• Direct comparisons of the effects of VHL with other LLTH methods are required. In doing, there is also a need to better understand mechanisms at play and the potential for combination with other LLTH modalities.
• In many populations, musculoskeletal disorders such as knee osteoarthritis (e.g., older adults and/or obese individuals) or painful locomotion (e.g., injured populations awaiting surgical procedures) may outweigh possible benefits of physical activity or lead to temporary loss of fitness due to reduced mobility. The combination of slower walking/running speeds (i.e., decreased external load) and hypoxia exposure (i.e., increased internal load) is a novel intervention that in theory is metabolically similar to exercising near sea level (normoxia), yet it is associated with a reduced exercise-induced pain (Girard et al., 2017). Clinical validation of hypoxic conditioning as an innovative LLTH strategy improving therapeutic outcome beyond what is obtained today is necessary.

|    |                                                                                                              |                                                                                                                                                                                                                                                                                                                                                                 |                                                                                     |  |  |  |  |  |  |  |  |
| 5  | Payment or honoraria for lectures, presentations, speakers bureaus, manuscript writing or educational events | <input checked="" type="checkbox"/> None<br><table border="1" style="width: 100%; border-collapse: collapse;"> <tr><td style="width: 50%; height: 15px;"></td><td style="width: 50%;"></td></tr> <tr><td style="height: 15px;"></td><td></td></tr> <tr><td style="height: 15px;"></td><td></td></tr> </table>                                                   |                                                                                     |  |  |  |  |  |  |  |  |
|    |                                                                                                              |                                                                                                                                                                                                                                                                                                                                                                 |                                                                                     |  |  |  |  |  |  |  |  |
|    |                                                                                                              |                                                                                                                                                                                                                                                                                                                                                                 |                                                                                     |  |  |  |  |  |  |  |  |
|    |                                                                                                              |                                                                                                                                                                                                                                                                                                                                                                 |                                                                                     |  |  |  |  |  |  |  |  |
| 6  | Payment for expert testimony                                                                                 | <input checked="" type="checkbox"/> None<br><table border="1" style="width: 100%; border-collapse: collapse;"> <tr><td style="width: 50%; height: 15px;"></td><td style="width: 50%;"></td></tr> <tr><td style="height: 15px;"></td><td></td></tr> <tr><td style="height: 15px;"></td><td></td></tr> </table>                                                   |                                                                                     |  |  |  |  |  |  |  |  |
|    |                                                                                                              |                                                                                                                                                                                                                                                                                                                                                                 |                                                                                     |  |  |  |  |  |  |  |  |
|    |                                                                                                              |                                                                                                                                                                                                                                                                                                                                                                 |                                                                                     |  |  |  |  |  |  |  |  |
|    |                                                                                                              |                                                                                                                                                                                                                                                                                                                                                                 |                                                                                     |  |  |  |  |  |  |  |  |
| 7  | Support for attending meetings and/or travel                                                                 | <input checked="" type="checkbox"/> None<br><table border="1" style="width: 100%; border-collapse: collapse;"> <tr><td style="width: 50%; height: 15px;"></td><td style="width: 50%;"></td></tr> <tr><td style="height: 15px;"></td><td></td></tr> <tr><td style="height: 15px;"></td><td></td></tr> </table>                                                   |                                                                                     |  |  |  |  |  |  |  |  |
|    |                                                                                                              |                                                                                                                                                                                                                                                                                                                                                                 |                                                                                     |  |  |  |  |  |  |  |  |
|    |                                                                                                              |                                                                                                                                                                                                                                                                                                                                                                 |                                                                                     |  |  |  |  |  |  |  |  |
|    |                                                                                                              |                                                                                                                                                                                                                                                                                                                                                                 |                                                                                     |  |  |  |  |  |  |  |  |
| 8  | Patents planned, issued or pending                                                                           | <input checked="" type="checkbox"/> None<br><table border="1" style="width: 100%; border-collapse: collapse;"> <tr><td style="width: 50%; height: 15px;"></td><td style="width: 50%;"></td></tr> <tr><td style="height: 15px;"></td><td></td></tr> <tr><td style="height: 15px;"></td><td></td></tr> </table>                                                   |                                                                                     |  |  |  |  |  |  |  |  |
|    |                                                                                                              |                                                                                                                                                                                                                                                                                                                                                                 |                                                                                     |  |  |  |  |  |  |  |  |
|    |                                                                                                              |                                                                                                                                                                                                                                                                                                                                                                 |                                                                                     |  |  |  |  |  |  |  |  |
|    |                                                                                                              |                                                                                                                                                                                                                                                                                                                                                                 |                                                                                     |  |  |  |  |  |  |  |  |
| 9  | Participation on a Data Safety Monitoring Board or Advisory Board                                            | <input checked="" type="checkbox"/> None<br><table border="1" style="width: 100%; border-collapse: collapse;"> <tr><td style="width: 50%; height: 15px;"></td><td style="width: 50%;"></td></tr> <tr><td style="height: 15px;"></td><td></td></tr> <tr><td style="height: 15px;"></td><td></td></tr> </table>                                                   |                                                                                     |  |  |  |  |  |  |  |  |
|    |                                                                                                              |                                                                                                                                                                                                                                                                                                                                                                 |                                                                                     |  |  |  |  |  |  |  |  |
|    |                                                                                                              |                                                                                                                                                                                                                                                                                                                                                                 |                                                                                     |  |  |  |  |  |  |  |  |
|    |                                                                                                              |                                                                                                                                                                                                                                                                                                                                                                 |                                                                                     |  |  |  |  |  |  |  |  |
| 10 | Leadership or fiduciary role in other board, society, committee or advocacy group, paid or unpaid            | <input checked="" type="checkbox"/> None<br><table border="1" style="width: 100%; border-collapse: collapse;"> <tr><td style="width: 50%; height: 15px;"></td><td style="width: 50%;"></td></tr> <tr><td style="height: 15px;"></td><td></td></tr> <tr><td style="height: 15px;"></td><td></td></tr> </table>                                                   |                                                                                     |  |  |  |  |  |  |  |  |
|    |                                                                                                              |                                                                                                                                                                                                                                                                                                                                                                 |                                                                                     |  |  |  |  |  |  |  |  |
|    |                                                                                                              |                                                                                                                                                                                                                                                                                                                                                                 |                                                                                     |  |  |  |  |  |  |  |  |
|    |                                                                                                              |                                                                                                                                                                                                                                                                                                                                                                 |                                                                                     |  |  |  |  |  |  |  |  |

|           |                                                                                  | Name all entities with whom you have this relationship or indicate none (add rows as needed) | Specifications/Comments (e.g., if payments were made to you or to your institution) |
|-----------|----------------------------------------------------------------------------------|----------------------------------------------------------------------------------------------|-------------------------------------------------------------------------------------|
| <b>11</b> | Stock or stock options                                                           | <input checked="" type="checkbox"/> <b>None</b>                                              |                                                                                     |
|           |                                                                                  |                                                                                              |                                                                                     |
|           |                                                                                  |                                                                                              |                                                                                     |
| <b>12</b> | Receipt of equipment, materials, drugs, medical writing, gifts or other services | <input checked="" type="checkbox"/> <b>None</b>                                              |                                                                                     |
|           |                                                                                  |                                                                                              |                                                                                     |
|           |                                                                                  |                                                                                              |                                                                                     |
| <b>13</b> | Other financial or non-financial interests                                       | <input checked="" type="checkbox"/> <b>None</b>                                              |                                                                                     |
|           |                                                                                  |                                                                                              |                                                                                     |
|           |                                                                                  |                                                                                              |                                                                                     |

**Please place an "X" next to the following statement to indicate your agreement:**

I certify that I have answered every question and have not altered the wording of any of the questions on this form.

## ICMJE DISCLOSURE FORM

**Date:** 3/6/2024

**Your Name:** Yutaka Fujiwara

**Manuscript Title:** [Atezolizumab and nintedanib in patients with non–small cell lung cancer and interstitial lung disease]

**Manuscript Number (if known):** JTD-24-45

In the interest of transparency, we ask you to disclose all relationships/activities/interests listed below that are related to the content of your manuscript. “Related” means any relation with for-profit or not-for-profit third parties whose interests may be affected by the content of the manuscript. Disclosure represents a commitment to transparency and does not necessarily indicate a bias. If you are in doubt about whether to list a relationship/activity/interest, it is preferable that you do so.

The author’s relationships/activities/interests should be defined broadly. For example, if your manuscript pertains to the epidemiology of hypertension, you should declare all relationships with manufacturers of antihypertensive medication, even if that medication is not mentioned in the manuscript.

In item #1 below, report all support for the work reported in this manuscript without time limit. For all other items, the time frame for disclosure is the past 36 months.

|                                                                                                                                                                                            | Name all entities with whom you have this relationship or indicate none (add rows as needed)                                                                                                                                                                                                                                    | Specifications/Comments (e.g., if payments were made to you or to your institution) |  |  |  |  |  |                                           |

A growing number of LLTH altitude training methods exists that include the application of systemic and local hypoxia stimuli, or a combination of both, for performance enhancement in many disciplines (Figure 1). Moving forward, elite athletes and their support team will continue to strive for refinement of best practice and the individualization of the altitude dose to ultimately reduce inter-individual variability. Translation of these innovative LLTH interventions to the clinical field is also promising.
OG drafted the manuscript and prepared Figure 1. All authors listed have edited, critically revised, and approved the final version for submission.
Conflict of Interest